Decorating a Torah in glory is far different from idolatry

Exodus 30:11-34:34

Numbers 19:1-33

I Kings 18:1-39

by Rabbi Stephen Pearce

The story of the Golden Calf, the centerpiece of Kee Tissa, does not make any sense. It is too simplistic, transparent, unsophisticated; it is counter-intuitive. It must be possible to find deeper meaning in this incongruous sequence of events: The Israelites left Egypt with Pharaoh's army in pursuit; they came to the Red Sea; they were trapped until the sea miraculously split and the Israelites crossed on dry land; the sea closed over the pursuing Egyptians and the Israelites rejoiced in their victory.

Later, Moses ascended Mount Sinai and spent 40 days and nights at the summit, while below, Moses' brother Aaron orchestrated the building and worship of the Golden Calf, a god that replicated the Egyptian fertility god Apis.

Why did the Israelites abandon the God who saw them through the dark nights of their Egyptian enslavement and redeemed them "with an outstretched hand and a mighty arm"? It does not make sense for the Israelites to have behaved as they did.

Looking beyond the simplistic meaning of this saga, a student of Torah will discover that this narrative represents a central motif of Jewish history, the ever-present tension between the squandering of a community's material wealth and the spending of it for higher purposes.

Instead of establishing a spiritual home to teach lessons about the living God the Israelites had seen in action, their obsession became the building of something of little inherent and lasting value with their gold. In so doing, they unwittingly framed the struggle for Jews in every age: the purposeful utilization of communal resources. While the Israelites could have contributed their gold and silver for the aggrandizement of the imperishable message they had learned, instead they were swept into the frenzy of cult worship, building an idol of no enduring value.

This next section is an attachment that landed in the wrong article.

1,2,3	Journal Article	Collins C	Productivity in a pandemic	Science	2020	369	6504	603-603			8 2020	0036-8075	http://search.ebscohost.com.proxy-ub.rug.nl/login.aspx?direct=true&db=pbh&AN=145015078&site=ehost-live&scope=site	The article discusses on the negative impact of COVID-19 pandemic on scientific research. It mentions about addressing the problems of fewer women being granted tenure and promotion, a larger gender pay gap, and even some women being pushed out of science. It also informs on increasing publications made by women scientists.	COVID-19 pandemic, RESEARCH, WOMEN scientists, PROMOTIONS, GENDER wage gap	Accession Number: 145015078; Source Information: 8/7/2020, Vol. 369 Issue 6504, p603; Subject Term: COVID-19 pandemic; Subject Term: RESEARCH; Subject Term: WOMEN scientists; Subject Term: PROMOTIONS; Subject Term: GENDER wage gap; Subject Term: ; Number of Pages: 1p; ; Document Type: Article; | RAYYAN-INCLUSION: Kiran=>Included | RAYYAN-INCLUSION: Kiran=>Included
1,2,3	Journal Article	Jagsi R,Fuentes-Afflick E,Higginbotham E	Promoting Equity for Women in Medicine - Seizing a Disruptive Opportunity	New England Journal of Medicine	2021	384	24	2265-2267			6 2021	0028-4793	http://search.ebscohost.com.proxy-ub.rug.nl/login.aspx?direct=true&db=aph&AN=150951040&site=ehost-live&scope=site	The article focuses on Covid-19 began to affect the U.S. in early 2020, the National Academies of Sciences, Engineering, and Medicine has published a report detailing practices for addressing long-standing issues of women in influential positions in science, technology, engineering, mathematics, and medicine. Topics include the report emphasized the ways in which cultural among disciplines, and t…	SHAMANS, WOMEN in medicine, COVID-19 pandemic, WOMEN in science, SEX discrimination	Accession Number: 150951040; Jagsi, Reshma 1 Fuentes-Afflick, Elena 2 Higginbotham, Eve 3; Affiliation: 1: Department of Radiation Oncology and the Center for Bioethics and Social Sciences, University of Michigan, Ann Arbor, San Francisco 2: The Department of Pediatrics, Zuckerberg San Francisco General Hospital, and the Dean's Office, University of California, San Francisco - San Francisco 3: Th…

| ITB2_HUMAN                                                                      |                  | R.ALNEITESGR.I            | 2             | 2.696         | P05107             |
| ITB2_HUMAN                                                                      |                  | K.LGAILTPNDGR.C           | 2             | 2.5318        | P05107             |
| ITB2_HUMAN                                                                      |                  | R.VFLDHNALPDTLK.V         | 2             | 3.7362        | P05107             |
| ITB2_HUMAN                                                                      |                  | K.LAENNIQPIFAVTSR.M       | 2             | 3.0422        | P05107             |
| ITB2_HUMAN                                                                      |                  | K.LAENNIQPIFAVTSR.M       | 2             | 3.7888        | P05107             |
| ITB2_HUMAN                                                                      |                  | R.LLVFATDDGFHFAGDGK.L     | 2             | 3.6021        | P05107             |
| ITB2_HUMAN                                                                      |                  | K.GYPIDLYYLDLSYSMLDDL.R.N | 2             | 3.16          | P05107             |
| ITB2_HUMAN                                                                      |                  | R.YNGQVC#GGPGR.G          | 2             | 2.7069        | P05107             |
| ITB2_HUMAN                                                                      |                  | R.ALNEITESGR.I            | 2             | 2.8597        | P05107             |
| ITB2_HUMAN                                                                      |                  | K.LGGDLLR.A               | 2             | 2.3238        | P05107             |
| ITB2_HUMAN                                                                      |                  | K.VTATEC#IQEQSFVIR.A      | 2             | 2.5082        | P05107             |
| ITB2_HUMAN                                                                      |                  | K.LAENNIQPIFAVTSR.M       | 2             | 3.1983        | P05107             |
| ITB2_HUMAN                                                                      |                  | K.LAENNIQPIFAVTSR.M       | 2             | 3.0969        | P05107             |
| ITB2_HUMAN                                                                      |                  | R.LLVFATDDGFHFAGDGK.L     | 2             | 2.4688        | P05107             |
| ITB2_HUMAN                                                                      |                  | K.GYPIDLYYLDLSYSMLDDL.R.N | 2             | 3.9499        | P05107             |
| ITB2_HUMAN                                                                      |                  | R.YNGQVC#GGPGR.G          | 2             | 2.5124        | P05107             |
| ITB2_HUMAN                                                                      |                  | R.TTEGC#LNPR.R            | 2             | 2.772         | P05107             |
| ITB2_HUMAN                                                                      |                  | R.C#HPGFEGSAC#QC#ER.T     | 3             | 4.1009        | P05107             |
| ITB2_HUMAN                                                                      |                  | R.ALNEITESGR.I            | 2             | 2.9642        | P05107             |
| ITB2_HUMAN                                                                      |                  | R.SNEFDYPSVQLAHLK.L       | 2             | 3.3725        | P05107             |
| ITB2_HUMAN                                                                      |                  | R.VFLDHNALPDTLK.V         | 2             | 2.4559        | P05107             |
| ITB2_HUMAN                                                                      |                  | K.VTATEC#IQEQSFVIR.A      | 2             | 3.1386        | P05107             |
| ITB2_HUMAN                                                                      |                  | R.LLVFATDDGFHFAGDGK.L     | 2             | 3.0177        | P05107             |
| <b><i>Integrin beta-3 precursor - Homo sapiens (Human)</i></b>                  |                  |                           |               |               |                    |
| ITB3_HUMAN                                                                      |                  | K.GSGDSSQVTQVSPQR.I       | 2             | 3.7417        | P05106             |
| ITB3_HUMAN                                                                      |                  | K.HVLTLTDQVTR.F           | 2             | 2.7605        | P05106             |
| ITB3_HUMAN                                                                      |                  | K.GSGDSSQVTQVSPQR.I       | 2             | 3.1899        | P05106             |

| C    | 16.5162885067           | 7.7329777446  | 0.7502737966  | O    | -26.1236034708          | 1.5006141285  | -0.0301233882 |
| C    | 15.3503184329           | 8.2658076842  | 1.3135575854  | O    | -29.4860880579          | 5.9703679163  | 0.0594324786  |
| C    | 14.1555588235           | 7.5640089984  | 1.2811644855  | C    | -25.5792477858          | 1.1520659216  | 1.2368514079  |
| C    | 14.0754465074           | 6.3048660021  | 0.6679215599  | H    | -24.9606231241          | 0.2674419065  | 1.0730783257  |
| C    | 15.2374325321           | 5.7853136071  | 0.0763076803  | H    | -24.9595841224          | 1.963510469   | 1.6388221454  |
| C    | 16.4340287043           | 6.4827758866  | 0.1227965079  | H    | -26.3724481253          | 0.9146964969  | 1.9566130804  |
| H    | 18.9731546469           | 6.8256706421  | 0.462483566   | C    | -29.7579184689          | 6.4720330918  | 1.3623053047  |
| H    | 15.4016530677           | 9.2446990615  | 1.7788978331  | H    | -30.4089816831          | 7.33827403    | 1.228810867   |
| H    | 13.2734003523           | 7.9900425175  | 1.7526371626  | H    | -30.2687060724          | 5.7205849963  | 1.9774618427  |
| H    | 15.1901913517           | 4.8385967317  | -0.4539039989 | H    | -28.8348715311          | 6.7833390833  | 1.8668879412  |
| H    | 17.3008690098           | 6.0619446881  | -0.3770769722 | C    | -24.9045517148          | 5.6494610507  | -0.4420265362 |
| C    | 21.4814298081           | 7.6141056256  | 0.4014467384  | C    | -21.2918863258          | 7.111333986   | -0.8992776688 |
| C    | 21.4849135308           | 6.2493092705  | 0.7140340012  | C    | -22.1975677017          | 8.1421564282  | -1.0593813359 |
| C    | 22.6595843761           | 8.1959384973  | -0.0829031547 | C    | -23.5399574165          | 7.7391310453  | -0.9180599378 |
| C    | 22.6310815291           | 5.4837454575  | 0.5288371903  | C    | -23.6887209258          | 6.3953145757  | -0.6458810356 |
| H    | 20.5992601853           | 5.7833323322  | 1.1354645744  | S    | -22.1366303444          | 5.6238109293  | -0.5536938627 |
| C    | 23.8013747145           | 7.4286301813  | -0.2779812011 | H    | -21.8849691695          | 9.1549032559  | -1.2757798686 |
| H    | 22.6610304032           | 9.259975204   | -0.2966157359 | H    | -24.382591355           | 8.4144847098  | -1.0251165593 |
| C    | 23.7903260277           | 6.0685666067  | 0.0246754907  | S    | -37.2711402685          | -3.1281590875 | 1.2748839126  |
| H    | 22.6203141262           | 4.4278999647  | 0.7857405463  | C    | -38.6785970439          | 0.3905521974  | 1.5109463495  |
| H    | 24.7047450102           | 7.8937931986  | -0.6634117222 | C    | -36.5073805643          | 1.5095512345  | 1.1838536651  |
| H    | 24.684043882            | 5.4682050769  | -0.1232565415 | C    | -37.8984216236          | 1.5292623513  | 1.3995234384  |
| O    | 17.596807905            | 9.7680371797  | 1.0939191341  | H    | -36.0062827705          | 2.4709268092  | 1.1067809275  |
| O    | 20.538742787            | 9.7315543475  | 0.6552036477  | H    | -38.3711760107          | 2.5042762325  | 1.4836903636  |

The "edifice complex" — the race to build magnificent monuments while neglecting the strengthening of Jewish education, the keystone of the Jewish future — is an ever-present tension. Every community has limited resources and has to decide where to allocate its precious funds. Synagogues, the front lines in the preservation of Jewish life, often are the stepchildren of a community's largess. What community leaders often fail to recognize is that the synagogue, centered in education and Torah will endure, but monuments and idols of self-importance will crumble and fade.

A contemporary example — and an appalling one — is provided in Israel, where the tyranny of the fervently religious oligarchy results in the open attack against the institutions of liberal Jews. As Israel edges closer to a theocracy, a state ruled by religious fanatics, its democratic ideals will be subverted. The majority of worldwide Jewry will be excluded from Israel's previously inclusive environment as restrictive forms of ritual and practice are imposed on the entire population. It is a paradox that at the same time that worldwide Jewry continues to support Israel, precious few communal funds are being allocated to build liberal Judaism's synagogues and programs there.

Why should Jewish education be central to Jewish life? Jews are known as the "People of the Book." The Book, the centerpiece of Judaism, is so important that we decorate it with crowns of gold and silver, not to make it an object of worship, but to demonstrate that it is our holiest, most noble book. David Ben-Gurion said it best of all: "We have preserved the Book, and the Book has preserved us." He did not say that about any building or monument — it was simply our devotion to our crowned Book.

Legend reports that when Moses descended the mountain and saw the idol the Israelites had made and were worshipping, the letters on the tablets vanished. Without the letters, the tablets became unbearably heavy, and Moses was forced to drop them. This metaphor reminds us that when Jews devote communal wealth to concerns other than the love of the Torah and Jewish learning, then Judaism becomes too heavy a burden to carry and the secret of our survival vanishes.

The contrast between Moses holding the divinely inspired Tablets of the Law and the Israelites worshipping the work of their own hands is a powerful one. It should make Jews mindful that strengthening Jewish life by building temples of the heart and mind empowers Jews to seize hold of a rich tradition of learning.